Reducing artificial illumination at night will also benefit wildlife in the Changthang Wildlife Sanctuary. It will ensure that animals, birds, and humans follow the natural circadian rhythm. The restrictions and improved management of artificial lights will help improve the quality of life for wildlife and humans in the area.
The dark sky sanctuary model provides an alternative to the wasteful and unsustainable urban model of development. It promotes the use of energy-efficient lighting and appropriate shades to illuminate only the required area. Similarly, simple measures such as appropriate curtains over windows can ensure that light does not escape from homes. Outdoor lights can be switched off when everyone is indoors. While night driving is best avoided in a wildlife and dark sky sanctuary, the roads can be painted with fluorescent paints and retro-reflectors to ensure that people can drive with parking lights in case of an emergency. The use of dark sky-compliant lighting will also ensure enormous savings in terms of energy consumption and tariff.
The dark sky sanctuary can also be linked to tourism to create opportunities to educate people about the benefits of dark sky-compliant lighting and lifestyle. Numerous dark sky preserves, sanctuaries, and parks have been established around the world. Dark sky protection has been enforced around most astronomical observatories in the world with an average radius of 30 km while China has established a 2,500 sq km dark sky park in Ngari prefecture around its observatory in Ali.
By preserving the natural conditions of day and night and keeping artificial illumination to the minimum, a dark sky sansctuary enables astronomers to undertake scientific research. They are able to detect the faintest levels and highest sensitivities possible from the Earth’s surface. In addition to environmental and health benefits, such a sanctuary must also help local communities (and tourists) observe and appreciate celestial objects. Facilities can be developed to provide education and awareness on astronomy, ecology and culture through public observatories, museums and planetarium with strict regulation on use of artificial lights. Ethno-tourism can be combined with astro-tourism and eco-tourism to ensure that tourists learn practical measures for sustainable living and locals benefit economically. In time, these strategies to manage light pollution can also be extended to urban areas to improve their night sky visibility.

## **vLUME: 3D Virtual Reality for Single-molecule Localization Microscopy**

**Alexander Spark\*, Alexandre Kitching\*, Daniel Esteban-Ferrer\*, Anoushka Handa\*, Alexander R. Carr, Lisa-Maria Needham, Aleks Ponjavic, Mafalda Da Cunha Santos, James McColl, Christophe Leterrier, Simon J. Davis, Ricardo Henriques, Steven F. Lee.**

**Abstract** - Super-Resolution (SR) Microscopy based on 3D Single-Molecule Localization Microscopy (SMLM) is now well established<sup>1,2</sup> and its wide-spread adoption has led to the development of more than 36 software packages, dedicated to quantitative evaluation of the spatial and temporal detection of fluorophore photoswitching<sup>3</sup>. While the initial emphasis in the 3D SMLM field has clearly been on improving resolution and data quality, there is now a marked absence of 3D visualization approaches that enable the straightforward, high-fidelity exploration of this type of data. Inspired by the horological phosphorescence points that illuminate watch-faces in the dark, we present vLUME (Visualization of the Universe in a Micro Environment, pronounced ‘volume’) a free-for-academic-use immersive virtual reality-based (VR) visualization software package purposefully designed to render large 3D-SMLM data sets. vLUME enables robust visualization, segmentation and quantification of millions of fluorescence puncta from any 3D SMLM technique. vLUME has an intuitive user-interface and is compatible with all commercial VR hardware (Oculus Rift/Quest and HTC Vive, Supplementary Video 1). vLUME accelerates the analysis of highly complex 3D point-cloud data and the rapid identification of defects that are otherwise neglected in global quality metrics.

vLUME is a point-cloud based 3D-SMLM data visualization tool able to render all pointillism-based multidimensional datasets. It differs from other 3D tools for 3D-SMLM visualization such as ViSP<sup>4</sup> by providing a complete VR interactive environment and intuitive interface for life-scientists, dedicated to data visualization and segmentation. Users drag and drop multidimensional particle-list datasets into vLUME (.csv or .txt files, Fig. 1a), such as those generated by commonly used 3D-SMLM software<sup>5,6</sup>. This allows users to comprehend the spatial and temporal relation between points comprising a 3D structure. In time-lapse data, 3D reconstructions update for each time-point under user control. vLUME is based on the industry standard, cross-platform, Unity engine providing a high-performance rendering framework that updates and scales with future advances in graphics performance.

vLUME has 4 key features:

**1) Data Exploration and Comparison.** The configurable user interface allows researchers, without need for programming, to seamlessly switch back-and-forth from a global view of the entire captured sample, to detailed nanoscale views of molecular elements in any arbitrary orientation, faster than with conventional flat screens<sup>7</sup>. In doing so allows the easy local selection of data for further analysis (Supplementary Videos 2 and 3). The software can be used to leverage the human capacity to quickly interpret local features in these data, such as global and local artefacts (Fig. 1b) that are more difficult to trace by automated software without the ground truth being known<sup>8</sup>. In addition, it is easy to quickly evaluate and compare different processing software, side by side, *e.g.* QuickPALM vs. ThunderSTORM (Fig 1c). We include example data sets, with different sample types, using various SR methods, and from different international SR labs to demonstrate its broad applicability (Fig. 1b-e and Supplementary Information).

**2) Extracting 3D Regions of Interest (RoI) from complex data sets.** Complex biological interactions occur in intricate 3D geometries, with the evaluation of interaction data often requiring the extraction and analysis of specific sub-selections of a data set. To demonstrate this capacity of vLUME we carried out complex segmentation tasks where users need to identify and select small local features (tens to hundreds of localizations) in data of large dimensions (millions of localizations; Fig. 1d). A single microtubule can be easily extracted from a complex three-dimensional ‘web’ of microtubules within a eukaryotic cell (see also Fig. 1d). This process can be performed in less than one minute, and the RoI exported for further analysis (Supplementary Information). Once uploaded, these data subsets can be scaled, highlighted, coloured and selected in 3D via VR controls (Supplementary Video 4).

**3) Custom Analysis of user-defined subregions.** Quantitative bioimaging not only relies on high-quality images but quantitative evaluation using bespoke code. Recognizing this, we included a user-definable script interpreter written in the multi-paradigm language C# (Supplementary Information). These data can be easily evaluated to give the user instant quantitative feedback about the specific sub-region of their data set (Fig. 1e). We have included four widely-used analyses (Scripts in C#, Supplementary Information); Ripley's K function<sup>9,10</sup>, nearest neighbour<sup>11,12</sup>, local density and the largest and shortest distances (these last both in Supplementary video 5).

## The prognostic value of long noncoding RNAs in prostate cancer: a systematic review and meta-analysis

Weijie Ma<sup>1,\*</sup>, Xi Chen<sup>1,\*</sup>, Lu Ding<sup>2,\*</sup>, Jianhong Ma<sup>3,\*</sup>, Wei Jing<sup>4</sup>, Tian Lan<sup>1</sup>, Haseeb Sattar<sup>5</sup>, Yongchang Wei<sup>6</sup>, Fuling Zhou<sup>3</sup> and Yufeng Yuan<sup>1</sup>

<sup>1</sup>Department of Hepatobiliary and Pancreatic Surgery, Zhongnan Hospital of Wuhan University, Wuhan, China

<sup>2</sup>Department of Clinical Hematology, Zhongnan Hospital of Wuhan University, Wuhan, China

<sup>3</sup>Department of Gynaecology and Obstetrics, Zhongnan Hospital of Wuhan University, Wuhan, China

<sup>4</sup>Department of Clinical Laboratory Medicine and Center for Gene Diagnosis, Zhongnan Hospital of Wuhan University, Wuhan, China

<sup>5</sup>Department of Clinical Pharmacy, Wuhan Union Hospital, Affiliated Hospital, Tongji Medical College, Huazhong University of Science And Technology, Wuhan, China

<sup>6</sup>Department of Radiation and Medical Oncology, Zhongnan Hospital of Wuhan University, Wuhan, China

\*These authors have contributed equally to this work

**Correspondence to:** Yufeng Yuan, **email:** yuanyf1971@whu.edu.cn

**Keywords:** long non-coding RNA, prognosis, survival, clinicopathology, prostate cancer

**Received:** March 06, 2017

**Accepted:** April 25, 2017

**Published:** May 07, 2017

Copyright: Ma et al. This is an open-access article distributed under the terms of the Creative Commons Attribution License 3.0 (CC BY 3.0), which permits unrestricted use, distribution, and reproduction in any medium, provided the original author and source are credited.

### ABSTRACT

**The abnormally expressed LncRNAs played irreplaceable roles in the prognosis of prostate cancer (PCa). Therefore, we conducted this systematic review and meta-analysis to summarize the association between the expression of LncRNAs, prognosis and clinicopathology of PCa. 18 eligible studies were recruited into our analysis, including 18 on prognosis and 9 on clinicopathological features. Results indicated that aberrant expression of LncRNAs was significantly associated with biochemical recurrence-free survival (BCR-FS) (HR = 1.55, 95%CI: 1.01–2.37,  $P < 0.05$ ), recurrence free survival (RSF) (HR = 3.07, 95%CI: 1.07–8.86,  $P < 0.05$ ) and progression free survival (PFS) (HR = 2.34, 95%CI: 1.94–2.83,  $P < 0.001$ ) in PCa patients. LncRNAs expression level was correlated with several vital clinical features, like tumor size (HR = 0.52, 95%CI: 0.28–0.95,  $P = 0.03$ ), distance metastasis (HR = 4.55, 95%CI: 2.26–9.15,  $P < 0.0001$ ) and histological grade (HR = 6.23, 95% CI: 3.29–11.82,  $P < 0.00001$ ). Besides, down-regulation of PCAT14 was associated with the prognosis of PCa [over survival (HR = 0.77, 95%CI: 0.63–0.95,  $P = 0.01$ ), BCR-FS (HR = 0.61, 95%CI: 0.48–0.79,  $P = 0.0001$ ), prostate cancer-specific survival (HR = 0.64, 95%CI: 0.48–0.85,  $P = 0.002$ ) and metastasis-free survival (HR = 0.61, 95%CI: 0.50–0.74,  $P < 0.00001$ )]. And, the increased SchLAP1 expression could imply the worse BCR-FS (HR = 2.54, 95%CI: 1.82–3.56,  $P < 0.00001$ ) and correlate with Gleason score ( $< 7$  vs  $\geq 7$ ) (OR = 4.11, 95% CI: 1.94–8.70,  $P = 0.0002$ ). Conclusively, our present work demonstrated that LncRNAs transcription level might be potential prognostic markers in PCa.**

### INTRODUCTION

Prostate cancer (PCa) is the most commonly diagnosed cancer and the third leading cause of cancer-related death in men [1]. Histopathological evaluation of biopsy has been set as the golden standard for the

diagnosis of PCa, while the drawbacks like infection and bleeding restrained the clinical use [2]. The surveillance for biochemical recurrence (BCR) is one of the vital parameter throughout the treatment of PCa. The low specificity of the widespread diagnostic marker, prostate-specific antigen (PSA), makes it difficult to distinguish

We must appreciate dark skies and promote dark sky sanctuaries as unique community assets and make them an integral part of our local and national heritage. In addition to the scientific benefits, such an initiative must benefit local communities by creating educational and economic opportunities. Local communities must also be educated and receive incentives to be a part of such efforts.
Photographs, illustrations and text by Dorje Angchuk
Dorje Angchuk is an engineer and astro-photographer
“Quinoa.” The first time I encountered this word was in 2015 during a conversation with my cousin. As a student of agriculture, I felt ashamed about my lack of knowledge about this crop. However, I didn’t expect quinoa or Chenopodium quinoa to become one of the finest and most satisfying experiences of my life.
As I became aware of its unusual nature, the agriculturist in me was curious to know more about it. After carrying out some initial research, I was intrigued and decided to carry out a field trial to check its viability in Ladakh.
Quinoa (Quechua kinwa or Kinuwa) is an herbaceous annual plant, which is grown primarily for its edible seed. The leafy portion is also edible as quinoa is related to spinach and amaranth. It was first used as animal fodder around 5,000 to 2,000 years back. Later, it was domesticated by humans in Peru and Bolivia.
As I conducted more research, I realised that this magical crop has immense unexplored potential and is well suited for Ladakh’s topography and climate. Ideal conditions include sandy loamy soil, temperatures must not exceed 32 degrees Celsius and is known to grown till altitudes of 4,000m above mean sea level.